i have been collecting battlefield relics for over fifteen years, and what works extremly well for me is muratic acid also know as (POOL ACID ). this is used for controling ph. and i neutralize it with baking soda, then the fresh metal is coated with deft clear lacquer or wd-40 depending on what the item is.

#15 Cottonbalers

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Posted 04 February 2010 - 07:16 AM

Hello,
I use the oxalic acid diluted in 20 % in some demineralized warm water.

#16 Lindforce

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Posted 23 February 2010 - 12:45 AM

Hi!

I recently bought a protective wax called "RENAISSANCE WAX" and it works very well on different surfaces and materials; leather,metal,stone etc. It was originally developed for the British Museum, so you can be pretty sure it's quite decent stuff. It leaves a smooth,satin surface unlike oiled items. I used previously gun oil on metal items, but not anymore... Google for more info;you'll get pleasantly surprised!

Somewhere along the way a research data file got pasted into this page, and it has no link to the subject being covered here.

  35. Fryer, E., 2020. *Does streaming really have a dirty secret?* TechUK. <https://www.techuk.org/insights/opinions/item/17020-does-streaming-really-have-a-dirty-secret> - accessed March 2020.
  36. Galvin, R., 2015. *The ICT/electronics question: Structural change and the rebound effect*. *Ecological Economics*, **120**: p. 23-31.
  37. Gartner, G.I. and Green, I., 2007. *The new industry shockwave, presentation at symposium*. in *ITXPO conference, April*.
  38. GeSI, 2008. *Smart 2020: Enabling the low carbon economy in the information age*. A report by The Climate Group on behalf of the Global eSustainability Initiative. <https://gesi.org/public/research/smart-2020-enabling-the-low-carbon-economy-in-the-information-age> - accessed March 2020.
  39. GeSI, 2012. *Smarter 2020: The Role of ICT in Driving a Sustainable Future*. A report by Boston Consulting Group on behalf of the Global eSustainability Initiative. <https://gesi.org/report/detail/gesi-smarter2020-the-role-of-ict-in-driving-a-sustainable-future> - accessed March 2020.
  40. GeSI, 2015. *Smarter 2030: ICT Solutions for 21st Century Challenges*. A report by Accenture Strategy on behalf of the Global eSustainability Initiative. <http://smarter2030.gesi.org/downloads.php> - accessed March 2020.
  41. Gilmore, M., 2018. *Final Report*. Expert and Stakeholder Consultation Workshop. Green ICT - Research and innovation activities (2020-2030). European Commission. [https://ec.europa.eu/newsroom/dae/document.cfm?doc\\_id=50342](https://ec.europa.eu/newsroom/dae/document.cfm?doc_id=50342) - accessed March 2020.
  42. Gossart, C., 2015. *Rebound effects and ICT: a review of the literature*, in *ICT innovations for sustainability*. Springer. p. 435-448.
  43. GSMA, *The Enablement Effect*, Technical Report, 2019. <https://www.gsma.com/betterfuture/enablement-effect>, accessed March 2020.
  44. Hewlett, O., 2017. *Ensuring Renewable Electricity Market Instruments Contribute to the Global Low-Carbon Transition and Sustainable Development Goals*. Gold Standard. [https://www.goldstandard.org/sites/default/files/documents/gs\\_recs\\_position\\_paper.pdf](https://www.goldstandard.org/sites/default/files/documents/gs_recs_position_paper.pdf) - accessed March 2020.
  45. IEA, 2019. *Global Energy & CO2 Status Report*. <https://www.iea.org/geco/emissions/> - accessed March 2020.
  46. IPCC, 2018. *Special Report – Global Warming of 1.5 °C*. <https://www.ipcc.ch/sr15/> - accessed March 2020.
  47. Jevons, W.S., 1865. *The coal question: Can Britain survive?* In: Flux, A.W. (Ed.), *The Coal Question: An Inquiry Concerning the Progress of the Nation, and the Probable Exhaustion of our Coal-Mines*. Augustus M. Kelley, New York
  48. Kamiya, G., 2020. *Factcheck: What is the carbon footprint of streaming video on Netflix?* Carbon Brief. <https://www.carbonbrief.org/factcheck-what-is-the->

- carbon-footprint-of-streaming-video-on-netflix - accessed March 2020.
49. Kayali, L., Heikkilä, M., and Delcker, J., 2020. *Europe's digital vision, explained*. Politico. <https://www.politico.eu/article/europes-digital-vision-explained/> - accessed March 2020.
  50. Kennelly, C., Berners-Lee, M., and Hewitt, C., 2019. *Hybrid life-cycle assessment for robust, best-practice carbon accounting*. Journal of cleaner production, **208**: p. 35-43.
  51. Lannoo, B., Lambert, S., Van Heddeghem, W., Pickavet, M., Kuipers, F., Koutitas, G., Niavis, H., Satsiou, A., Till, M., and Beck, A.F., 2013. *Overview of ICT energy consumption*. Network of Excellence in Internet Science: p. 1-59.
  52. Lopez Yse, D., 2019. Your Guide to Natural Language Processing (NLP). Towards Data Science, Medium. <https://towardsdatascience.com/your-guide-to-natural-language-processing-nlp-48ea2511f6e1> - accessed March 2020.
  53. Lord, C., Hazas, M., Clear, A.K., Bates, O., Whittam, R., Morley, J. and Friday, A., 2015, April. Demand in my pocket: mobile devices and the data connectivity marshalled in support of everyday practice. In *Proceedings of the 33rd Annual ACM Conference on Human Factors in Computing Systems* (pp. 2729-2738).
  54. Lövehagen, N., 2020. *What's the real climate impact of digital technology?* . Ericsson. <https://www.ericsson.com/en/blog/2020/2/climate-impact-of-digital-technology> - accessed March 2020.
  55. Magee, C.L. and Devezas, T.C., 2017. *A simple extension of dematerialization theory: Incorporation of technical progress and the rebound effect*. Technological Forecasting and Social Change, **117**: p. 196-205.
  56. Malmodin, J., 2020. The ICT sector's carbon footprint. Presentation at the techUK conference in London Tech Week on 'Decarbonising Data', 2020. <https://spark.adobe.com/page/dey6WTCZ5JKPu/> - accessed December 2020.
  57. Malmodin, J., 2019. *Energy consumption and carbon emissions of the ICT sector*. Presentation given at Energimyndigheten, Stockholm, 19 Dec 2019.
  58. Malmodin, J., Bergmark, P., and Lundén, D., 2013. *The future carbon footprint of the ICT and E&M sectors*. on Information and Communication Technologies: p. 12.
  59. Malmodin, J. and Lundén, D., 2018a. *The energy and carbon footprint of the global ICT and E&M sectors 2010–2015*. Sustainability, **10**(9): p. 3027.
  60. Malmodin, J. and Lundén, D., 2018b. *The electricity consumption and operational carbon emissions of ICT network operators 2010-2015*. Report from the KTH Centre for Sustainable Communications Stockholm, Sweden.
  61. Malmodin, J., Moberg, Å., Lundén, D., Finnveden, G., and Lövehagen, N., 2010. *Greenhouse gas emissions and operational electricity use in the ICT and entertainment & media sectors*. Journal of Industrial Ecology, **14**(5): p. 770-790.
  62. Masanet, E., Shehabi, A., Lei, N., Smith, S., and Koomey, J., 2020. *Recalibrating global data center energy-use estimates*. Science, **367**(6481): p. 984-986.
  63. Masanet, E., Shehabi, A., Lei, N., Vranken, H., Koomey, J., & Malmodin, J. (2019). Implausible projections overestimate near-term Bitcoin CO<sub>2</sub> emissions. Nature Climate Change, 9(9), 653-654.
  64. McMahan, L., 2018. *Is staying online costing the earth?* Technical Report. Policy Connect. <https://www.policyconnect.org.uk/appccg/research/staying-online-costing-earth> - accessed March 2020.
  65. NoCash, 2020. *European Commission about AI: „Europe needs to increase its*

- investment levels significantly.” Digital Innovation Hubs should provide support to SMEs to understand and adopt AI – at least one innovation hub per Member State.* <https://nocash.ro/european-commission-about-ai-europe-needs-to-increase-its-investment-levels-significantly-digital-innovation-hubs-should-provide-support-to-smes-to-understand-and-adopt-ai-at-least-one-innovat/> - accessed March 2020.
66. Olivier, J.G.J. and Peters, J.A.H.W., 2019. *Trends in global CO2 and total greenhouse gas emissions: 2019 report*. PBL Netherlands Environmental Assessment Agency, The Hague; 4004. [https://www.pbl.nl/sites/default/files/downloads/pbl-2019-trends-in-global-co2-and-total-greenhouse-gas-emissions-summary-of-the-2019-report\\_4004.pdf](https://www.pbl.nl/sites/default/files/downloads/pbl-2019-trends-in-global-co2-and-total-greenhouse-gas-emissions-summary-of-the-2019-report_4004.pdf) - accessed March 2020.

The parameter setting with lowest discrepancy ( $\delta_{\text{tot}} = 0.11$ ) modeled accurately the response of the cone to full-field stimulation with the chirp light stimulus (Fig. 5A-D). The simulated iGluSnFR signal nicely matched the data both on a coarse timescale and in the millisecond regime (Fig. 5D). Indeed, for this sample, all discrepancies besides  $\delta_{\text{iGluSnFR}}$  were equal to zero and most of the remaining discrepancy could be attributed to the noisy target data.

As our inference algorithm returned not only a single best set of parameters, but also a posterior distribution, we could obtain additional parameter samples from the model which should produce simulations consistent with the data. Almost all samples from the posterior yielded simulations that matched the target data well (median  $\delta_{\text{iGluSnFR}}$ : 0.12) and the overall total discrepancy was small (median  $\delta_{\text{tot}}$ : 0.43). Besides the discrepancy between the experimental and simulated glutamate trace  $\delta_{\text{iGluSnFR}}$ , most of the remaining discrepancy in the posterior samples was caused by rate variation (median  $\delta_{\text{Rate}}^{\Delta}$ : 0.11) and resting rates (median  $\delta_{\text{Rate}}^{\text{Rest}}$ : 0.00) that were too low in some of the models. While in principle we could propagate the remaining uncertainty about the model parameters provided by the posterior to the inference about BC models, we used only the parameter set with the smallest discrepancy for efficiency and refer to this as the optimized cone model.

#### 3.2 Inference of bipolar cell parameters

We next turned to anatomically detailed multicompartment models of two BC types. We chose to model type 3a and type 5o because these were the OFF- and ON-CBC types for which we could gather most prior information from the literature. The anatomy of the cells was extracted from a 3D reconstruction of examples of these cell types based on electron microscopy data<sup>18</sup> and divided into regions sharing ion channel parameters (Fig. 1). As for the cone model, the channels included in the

#17 Richard Kimmel

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Posted 01 March 2011 - 08:38 AM

Hi!

I recently bought a protective wax called "RENAISSANCE WAX" and it works very well on different surfaces and materials; leather,metal,stone etc. It was originally developed for the British Museum, so you can be pretty sure it's quite decent stuff. It leaves a smooth,satin surface unlike oiled items. I used previously gun oil on metal items, but not anymore... Google for more info;you'll get pleasantly surprised!

This is a geat item as there is a multitude of applications for it.

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#18 Garandomatic

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Posted 01 March 2011 - 02:19 PM